Criminal Justice at the University of Minnesota Law School
The current national and global political climates have seen an increase in the need for legal services, representation, and policies for many marginalized groups. It is no surprise then that law schools are seeing an influx of applicants of individuals interested in careers in public service. Many are looking to give back through work in human rights and criminal justice. In response to this need, the University of Minnesota Law School provides numerous opportunities for students to work with leading faculty in these areas and participate in coursework, clinics, and career support that will help to further their goals.
At the Law School, students are able to choose a Criminal Justice Concentration to explore their passion for criminal law. Students on this academic path enroll in a wide variety of core and specialized courses relating to juvenile justice, criminal procedure, sentencing law, and punishing theory. No matter the specific focus of the student in the Criminal Justice Concentration, one can take part in live client clinics and independent research with faculty members. Also available are mentorship opportunities with judges and attorneys who work in criminal justice and policy.
While the seminars and courses in this concentration are largely theoretical, there are also course opportunities in the field. Students can participate in a Public Interest Field Placement, working for credit in a government or nonprofit agency. This hands-on experience helps solidify a student’s understanding of criminal justice work. In these placements, students may represent a client as a Certified Student Attorney, research, draft memos and court documents, observe court proceedings, and provide support for attorneys. Common locations for field placements include public defender offices, nonprofits, and government agencies.
For students looking to dive deeper into a field placement, third-year students may apply for the Minnesota Law Public Interest Residency Program or the Remote Semester Program. The Residency Program matches students with local government and nonprofit employers, with students working full time in criminal justice and public interest work during their third year of law school for credit and staying for a post-graduate fellowship year at the same organization. The Residency Program helps students feel supported and trained while transitioning into full time work. It also ensures the organizations that they are able to have a fully-trained staff member after the bar exam. Current agencies participating in the field of criminal justice include the Minnesota Board of Public Defense, Hennepin County Attorney’s Office, Ramsey County Attorney’s Office and the Minneapolis City Attorney’s Office. In the Remote Semester Program, third-year students can work full time for credit during one semester at a nonprofit or government agency outside of Minnesota.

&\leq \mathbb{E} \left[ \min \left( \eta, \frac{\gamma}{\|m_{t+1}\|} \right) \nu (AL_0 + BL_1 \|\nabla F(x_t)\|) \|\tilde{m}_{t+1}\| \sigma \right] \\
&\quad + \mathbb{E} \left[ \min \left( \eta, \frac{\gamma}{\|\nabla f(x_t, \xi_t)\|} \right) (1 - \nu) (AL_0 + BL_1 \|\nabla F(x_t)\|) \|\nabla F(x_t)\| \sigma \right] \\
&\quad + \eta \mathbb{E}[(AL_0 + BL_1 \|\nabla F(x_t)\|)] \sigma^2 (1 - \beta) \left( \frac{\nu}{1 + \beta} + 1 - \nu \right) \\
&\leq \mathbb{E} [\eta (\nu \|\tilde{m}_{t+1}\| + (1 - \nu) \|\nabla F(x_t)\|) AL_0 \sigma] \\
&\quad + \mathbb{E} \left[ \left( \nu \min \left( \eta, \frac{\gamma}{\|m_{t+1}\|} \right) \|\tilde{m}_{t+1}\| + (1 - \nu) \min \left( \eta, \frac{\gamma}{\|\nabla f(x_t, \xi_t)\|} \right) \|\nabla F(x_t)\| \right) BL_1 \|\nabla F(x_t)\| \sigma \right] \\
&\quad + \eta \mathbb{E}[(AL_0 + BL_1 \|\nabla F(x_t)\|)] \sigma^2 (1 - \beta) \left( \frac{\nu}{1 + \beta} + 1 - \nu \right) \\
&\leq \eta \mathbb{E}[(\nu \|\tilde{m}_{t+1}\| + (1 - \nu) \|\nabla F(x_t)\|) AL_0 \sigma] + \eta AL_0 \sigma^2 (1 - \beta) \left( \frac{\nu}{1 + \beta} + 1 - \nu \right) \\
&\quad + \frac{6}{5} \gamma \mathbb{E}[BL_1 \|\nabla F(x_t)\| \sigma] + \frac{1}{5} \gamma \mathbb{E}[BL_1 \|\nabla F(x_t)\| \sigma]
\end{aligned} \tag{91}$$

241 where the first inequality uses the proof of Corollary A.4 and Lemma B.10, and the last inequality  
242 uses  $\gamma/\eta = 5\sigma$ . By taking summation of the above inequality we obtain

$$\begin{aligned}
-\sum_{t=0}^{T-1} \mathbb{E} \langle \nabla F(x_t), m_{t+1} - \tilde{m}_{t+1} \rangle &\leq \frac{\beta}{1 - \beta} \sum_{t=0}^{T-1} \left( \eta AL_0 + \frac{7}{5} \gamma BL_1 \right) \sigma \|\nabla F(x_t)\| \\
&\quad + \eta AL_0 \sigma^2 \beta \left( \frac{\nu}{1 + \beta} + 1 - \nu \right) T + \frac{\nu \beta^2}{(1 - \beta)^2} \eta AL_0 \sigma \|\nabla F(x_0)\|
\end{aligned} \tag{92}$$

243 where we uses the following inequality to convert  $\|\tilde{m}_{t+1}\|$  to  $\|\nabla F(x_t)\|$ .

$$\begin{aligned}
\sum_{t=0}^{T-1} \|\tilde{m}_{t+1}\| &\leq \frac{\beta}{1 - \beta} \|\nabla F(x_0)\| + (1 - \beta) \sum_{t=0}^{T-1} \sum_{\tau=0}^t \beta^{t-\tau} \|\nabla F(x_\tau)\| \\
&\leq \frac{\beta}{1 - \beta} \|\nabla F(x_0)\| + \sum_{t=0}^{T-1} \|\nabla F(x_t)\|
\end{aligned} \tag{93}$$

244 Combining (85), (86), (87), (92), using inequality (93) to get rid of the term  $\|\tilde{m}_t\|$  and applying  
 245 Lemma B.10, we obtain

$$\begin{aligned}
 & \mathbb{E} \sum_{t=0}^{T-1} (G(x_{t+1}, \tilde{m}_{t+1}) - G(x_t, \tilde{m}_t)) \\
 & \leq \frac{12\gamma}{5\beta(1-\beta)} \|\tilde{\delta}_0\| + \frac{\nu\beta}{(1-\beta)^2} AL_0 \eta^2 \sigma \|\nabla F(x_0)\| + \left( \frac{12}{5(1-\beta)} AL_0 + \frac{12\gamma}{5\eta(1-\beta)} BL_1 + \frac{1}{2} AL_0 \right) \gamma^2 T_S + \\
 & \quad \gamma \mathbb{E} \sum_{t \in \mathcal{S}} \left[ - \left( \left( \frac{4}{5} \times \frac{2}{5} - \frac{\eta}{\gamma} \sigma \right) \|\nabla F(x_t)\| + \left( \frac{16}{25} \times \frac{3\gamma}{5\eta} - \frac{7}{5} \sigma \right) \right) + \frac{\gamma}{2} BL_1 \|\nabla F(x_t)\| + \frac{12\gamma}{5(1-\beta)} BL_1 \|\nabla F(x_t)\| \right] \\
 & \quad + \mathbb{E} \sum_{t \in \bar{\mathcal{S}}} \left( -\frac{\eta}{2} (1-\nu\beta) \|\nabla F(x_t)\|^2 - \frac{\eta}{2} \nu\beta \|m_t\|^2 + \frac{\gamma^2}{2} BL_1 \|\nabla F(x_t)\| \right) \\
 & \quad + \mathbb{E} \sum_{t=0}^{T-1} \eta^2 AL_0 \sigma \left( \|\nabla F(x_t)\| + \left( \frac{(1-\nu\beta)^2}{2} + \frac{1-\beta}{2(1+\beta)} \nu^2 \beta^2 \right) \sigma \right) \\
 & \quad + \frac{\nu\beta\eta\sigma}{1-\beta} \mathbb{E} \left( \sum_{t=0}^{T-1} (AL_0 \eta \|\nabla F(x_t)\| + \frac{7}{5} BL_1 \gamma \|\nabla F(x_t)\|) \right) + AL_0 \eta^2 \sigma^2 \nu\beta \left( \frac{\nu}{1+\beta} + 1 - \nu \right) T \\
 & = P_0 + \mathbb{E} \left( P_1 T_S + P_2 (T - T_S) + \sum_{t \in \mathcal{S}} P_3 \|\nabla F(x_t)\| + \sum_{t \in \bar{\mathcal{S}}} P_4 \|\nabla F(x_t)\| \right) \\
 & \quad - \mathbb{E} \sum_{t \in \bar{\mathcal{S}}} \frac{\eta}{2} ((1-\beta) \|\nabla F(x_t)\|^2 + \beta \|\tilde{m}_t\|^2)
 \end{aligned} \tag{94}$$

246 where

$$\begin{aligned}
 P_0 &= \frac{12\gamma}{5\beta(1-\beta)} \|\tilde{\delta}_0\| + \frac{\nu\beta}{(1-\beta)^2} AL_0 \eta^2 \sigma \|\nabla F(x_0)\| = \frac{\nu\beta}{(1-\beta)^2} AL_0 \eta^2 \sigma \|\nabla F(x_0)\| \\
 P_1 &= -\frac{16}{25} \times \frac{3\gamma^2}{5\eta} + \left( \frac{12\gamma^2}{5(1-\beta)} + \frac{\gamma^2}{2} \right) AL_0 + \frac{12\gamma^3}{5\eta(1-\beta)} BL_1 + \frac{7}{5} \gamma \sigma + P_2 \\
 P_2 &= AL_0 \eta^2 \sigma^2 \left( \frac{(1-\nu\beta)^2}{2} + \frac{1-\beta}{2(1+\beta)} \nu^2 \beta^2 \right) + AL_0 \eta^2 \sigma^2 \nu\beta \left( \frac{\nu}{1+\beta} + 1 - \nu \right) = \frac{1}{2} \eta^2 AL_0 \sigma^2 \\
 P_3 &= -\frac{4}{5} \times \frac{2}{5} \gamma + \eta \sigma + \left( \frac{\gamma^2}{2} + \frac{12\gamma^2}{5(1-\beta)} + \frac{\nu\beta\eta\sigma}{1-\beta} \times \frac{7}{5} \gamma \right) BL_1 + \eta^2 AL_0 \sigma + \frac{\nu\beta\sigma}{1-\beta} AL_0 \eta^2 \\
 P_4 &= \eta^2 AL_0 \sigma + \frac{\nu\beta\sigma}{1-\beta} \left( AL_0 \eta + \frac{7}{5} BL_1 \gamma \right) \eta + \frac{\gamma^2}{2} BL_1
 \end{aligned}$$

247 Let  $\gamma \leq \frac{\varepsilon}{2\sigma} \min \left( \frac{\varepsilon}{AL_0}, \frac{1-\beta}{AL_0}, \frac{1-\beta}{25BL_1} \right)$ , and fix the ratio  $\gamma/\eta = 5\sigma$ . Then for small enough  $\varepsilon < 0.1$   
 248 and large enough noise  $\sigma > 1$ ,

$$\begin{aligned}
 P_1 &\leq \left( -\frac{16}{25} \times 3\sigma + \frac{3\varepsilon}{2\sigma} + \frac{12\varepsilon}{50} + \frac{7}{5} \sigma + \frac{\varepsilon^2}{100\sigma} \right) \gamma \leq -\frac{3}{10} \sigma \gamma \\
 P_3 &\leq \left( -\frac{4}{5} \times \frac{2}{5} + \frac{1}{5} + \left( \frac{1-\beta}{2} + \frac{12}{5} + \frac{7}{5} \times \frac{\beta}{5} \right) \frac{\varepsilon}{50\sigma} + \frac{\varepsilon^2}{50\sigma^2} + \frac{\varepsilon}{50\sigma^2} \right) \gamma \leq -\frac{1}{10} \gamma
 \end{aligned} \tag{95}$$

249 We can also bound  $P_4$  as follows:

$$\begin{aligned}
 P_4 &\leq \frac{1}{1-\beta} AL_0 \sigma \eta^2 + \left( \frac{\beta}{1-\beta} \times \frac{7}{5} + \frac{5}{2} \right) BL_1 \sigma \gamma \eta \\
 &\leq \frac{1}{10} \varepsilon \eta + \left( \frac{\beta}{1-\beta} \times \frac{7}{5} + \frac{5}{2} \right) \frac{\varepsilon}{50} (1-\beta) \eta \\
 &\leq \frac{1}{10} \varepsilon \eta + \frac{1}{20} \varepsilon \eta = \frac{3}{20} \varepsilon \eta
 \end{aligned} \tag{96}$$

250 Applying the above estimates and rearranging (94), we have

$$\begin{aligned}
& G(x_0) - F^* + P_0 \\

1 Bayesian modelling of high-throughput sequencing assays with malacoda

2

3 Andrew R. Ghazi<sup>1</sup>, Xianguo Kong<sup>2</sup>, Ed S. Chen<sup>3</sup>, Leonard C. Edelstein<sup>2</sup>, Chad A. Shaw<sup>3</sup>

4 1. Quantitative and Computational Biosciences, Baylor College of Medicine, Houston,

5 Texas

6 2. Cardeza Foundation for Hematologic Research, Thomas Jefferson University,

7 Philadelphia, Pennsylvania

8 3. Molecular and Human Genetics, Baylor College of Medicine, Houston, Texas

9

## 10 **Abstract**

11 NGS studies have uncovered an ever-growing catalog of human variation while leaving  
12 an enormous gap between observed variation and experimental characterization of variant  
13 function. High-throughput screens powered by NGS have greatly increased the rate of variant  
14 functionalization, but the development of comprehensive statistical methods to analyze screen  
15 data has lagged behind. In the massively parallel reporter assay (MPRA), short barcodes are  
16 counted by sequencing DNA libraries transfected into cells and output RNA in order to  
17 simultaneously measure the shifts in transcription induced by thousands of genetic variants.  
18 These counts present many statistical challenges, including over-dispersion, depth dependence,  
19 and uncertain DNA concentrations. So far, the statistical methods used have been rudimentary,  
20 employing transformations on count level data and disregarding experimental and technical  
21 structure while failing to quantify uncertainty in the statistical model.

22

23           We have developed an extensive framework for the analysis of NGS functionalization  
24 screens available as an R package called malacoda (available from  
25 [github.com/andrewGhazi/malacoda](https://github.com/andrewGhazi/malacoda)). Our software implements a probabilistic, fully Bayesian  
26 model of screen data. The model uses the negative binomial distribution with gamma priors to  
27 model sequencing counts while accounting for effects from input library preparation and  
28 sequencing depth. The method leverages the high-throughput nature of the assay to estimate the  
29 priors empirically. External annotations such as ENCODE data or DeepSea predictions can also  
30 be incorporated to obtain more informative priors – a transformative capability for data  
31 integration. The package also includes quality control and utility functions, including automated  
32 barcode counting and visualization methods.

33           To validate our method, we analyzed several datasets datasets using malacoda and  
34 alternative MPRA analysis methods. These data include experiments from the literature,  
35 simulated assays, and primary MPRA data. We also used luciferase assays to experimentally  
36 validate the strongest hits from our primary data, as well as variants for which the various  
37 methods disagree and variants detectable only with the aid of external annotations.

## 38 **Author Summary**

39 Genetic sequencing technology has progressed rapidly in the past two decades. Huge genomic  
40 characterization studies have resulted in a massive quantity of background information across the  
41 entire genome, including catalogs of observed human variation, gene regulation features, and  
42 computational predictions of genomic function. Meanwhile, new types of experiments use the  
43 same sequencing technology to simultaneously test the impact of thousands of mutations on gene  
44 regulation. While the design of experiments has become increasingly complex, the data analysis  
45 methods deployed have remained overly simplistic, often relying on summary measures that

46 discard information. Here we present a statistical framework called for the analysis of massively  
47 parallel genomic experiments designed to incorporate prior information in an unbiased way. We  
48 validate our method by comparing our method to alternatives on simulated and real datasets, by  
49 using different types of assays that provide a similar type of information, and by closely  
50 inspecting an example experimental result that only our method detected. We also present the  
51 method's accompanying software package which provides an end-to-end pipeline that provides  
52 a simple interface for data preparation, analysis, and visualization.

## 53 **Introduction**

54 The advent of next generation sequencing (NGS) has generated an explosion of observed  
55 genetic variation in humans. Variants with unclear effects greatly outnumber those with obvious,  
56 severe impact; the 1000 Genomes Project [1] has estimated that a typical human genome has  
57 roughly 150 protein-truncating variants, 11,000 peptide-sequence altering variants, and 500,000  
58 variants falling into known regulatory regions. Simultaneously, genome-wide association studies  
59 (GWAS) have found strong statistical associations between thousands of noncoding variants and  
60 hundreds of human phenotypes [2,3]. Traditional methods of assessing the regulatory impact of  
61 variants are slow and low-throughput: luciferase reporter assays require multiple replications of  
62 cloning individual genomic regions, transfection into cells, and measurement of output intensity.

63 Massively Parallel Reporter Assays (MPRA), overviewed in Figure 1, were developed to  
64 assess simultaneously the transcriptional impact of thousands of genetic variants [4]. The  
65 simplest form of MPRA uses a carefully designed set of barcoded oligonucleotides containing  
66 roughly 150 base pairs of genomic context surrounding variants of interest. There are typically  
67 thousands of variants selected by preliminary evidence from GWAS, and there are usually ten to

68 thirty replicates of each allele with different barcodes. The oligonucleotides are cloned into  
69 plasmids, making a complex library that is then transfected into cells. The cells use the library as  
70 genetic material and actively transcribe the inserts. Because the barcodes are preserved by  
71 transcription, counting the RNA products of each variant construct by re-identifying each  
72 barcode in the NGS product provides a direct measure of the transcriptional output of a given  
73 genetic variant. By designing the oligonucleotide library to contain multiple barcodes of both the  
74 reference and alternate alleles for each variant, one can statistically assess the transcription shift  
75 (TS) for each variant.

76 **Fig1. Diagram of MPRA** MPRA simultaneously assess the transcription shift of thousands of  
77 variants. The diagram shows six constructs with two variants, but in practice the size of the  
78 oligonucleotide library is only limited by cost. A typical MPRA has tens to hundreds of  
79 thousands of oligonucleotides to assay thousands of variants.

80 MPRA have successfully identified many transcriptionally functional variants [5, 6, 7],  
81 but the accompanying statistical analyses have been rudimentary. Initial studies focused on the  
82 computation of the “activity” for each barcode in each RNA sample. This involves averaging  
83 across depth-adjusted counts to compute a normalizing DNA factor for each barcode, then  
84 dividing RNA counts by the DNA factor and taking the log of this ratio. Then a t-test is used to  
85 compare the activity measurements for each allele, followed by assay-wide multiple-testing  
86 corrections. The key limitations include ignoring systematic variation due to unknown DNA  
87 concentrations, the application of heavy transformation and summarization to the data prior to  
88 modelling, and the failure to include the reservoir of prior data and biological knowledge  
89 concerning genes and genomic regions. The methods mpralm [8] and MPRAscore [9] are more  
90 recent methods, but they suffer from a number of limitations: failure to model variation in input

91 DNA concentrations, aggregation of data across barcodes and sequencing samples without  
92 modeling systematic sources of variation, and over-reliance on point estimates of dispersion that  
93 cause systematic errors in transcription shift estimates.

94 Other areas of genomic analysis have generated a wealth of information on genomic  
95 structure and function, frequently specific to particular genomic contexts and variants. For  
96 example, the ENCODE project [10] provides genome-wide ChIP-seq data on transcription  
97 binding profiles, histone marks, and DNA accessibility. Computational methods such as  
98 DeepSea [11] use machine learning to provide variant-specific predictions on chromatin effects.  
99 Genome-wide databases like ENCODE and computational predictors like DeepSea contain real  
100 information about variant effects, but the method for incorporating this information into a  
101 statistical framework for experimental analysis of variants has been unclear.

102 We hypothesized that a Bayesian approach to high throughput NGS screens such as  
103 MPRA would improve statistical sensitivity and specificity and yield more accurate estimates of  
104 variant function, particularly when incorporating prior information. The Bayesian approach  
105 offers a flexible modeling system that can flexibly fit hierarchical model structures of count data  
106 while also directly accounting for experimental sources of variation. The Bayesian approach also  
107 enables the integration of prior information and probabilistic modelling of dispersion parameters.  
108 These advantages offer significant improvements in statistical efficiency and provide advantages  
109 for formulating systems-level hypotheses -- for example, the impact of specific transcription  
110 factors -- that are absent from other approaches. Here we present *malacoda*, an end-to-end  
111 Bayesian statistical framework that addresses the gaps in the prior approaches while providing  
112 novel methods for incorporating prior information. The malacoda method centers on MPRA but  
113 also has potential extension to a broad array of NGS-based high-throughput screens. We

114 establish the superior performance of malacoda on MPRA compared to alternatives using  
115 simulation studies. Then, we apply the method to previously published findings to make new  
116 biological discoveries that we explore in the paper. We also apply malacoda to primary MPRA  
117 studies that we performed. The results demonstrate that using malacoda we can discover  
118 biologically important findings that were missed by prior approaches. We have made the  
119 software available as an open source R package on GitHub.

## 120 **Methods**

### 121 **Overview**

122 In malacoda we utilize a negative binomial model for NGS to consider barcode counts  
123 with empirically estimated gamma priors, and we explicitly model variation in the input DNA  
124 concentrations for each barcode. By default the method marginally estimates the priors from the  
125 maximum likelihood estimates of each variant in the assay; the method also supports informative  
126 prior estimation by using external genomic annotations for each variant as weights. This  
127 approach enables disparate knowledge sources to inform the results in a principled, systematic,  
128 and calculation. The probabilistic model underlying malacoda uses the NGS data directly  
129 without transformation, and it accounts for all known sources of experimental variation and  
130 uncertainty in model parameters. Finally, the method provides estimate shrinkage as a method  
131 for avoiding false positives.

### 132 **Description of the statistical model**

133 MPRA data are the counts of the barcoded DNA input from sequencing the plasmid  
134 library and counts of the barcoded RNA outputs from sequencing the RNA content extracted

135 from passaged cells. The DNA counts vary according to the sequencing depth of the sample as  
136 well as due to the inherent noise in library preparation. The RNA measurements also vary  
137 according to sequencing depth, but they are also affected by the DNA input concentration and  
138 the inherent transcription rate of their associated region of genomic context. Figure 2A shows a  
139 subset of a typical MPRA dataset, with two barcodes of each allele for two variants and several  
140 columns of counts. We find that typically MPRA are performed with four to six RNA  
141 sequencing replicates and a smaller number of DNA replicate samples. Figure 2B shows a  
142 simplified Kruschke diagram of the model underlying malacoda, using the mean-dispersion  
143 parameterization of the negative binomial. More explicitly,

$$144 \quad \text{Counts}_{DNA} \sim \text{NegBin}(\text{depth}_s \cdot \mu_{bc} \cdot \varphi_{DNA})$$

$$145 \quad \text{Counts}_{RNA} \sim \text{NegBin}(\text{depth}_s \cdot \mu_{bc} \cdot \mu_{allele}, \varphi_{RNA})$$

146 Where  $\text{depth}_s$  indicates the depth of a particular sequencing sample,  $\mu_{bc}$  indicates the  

Another way students are able to get hands-on experience with criminal justice work is through the Law School’s clinical program. The clinics provide help to indigent individuals in a variety of settings and practice areas, all under the supervision of a clinical faculty member. While there are many clinic options at the Law School, there are a particularly large number of clinics in the area of criminal law, including:
The Law School’s Center for New Americans is of particular note. Through the Center, students can take part in the Federal Immigration Litigation Clinic and the Detainee Rights Clinic. They can explore the intersection of asylum and immigration law with criminal law through case supervision, client interviews and communication, legal writing and drafting, oral advocacy, and even client representation in the courtroom. In 2016, students from this group took a case all the way to the U.S. Supreme Court and won, demonstrating the impact of the clinical program.
The Detainee Rights Clinic allows students to represent clients who face deportation from the U.S. Department of Homeland Security, Immigrations & Customs Enforcement. These students receive an entire semester of training while first providing intake interviews, research and writing for bond hearings. After this, they are able to take on cases in administrative hearings for clients.
The Robina Institute of Criminal Law and Criminal Justice
Law students often choose to work part time in addition to schoolwork and clinical experiences. The Robina Institute of Criminal Law and Criminal Justice employs several law students as Research Assistants.